Fort Bragg Soldiers Mark Time Training As They Await War Duty
Posted March 24, 2003 3:12 a.m. EST
FORT BRAGG, N.C. — Under sunny Southern skies half a world away from the battlefields of Iraq, soldiers concentrated on their training Monday - preparing themselves physically for a war they say they are already mentally ready to fight.
A crowd of paratroopers worked through the final stages of training for jumpmaster certification on one part of this sprawling Army post, while military police on another field hardened themselves with exposure to noxious gas.
The war can be fought at home as well as abroad, said Sgt. 1st Class Dale Warner, 39, a 20-year Army veteran who was teaching the jumpmaster candidates.
"We train to be there but we also have a mission that says this still has to go on," he said, as the trainees stood in a circle on the sawdust-covered floor of an open-sided shelter, examining each other's gear.
Warner and Sgt. 1st Class David Hankins, 36, were teaching 94 soldiers who each hoped to become a certified jumpmaster - the paratrooper in charge of a group of parachutists from the time they enter an aircraft until they exit.
The course has a 60 percent graduation rate, Warner said.
Knowing they could join the battle, many paratroopers say the images inspire them to train even harder.
"My heart goes out to my fellow soldiers. It could be me. It might be me. We are with them in heart," Sfc. Tim Fountain said.
In Monday's exercise, one soldier had a specified amount of time to check the parachute rig worn by another.
The full parachute equipment - not including weapons and personal effects - weighs 44 pounds. The candidates were training with lighter, partial gear rigged with deficiencies that the "inspectors" were required to find, such as an exposed canopy on a reserve chute or something as simple as a weapon attached upside-down.
Hankins, from Raeford, has spent two months in Afghanistan since the Sept. 11, 2001, attacks and was in Saudi Arabia for seven months during the Persian Gulf war. His wife, Quintina, herself an Army sergeant, just returned from a year's duty in Korea.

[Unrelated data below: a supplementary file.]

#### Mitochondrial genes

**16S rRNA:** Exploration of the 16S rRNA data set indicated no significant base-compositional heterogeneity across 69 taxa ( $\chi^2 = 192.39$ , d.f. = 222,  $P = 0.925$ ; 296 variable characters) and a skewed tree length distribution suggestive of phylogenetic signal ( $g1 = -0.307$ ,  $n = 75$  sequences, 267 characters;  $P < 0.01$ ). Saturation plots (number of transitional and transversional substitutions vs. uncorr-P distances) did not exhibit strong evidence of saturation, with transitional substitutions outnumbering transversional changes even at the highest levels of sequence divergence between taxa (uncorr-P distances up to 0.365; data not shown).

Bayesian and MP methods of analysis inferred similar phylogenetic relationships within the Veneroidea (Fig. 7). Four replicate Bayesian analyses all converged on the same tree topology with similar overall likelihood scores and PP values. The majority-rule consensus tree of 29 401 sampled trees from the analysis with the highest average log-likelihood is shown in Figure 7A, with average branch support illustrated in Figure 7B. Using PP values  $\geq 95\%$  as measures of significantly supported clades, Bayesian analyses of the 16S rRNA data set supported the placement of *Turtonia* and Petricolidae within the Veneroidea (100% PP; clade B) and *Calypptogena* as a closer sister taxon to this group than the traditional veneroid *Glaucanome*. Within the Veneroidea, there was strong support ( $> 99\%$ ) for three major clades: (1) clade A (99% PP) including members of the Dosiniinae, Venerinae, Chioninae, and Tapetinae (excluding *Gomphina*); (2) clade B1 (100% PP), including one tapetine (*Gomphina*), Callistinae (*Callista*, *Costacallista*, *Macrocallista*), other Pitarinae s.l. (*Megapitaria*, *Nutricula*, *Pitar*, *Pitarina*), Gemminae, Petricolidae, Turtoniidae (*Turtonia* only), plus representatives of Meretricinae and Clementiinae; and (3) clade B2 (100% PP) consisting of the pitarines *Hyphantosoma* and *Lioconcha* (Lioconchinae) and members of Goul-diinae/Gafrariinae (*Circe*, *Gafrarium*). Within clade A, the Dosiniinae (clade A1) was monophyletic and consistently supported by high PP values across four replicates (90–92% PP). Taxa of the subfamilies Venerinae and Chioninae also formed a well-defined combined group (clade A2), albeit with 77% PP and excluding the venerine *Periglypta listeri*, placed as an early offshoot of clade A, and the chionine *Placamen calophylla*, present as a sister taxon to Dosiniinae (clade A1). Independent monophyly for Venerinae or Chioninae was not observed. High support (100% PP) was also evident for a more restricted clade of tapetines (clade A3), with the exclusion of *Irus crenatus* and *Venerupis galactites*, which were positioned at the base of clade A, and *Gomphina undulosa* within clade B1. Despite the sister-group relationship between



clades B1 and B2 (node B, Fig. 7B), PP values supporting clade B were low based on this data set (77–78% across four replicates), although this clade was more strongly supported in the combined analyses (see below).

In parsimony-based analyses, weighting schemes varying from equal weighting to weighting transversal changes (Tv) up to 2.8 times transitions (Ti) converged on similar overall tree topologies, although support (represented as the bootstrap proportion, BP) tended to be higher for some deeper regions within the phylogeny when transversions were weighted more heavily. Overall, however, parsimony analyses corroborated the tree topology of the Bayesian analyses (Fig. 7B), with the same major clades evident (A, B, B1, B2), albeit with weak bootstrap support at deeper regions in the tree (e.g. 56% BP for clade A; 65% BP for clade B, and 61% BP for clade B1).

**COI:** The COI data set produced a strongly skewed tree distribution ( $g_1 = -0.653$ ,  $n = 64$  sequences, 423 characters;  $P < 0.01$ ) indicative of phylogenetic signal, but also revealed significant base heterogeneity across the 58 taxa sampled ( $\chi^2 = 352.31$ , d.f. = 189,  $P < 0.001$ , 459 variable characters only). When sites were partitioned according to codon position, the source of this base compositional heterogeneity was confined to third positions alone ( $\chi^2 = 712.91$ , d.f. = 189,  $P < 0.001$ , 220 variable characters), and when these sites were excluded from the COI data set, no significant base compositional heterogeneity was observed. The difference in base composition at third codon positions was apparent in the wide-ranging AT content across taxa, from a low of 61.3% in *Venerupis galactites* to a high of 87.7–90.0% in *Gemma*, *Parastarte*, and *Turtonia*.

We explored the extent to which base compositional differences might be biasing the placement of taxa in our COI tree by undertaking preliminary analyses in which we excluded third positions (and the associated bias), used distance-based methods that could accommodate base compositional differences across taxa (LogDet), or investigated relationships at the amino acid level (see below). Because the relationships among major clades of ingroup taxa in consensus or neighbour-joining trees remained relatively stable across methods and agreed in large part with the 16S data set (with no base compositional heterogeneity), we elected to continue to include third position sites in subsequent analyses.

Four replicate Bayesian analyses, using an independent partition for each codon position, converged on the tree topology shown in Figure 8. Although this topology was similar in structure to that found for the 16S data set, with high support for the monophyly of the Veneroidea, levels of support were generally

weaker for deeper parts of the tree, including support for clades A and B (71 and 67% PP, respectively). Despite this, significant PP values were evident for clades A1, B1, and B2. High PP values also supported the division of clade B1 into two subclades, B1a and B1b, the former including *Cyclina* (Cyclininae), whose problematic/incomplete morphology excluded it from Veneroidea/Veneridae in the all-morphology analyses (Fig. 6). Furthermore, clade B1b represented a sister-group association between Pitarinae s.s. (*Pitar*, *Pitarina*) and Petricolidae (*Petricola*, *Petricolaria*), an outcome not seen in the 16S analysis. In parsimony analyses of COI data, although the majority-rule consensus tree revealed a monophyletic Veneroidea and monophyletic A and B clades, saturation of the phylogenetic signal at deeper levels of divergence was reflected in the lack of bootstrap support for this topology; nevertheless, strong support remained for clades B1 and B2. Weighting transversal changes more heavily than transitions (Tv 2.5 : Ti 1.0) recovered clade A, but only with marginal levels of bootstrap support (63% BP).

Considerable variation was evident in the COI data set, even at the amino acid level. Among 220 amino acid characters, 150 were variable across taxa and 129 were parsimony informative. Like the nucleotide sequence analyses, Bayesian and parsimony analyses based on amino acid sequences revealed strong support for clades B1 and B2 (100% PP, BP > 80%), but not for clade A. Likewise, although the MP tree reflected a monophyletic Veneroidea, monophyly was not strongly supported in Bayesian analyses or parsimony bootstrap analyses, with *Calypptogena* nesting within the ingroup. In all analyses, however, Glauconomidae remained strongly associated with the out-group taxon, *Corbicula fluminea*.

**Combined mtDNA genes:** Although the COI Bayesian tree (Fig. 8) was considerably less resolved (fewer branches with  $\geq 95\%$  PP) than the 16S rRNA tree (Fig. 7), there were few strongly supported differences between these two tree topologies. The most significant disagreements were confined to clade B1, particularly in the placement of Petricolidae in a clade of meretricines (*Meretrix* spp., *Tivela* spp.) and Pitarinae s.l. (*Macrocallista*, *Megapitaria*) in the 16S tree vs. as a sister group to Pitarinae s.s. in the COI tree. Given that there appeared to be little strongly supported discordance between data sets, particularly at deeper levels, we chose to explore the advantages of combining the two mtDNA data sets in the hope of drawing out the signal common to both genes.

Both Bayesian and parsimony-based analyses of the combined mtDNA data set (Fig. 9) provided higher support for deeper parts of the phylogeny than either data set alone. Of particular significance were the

Hankins said he wasn't concerned that he hasn't, as yet, been called to action in this war against Iraq.
"Everyone has their part and purpose in a war campaign. ... Your part will come whether at the start or the end," he said. "All you can do is just be ready."
Jumpmaster candidate Maj. Luke Leonard was more anxious to get to the Middle East. His unit, the 27th Engineering Battalion, already has some members in Afghanistan and Kuwait.
In the meantime, when he's at home, the television is always tuned to the news and the phone constantly rings with calls from friends and family who want to know when he's shipping out.
Leonard said he was "absolutely" ready to go to Iraq.
"Everybody wishes they were there. Most of us have buddies over there," he said.
Some instructors said it is vital that soldiers stay grounded during times of war. Staff Sgt. Duane Bowen said it helps to talk with his father, who was wounded in Vietnam.
"With him being in Vietnam, they went through a lot more than we will go through," Bowen said.
Fellow trainee Capt. Landon Raby, 29, noted that it can be hard to leave home.
"We like being with our families," he said. "But you still have that itch to do what you trained to do."
Across the base, members of the 65th Military Police Company went through chemical training, exposing themselves to CS gas - similar to pepper spray - inside a small building.
The training "gives you confidence in your equipment," said Sgt. Donald Tabb of New York City. But it does little to quell the anxiousness of troops waiting for the call to join their comrades overseas.
"You just want to be there, right by their side, to help them," Tabb said.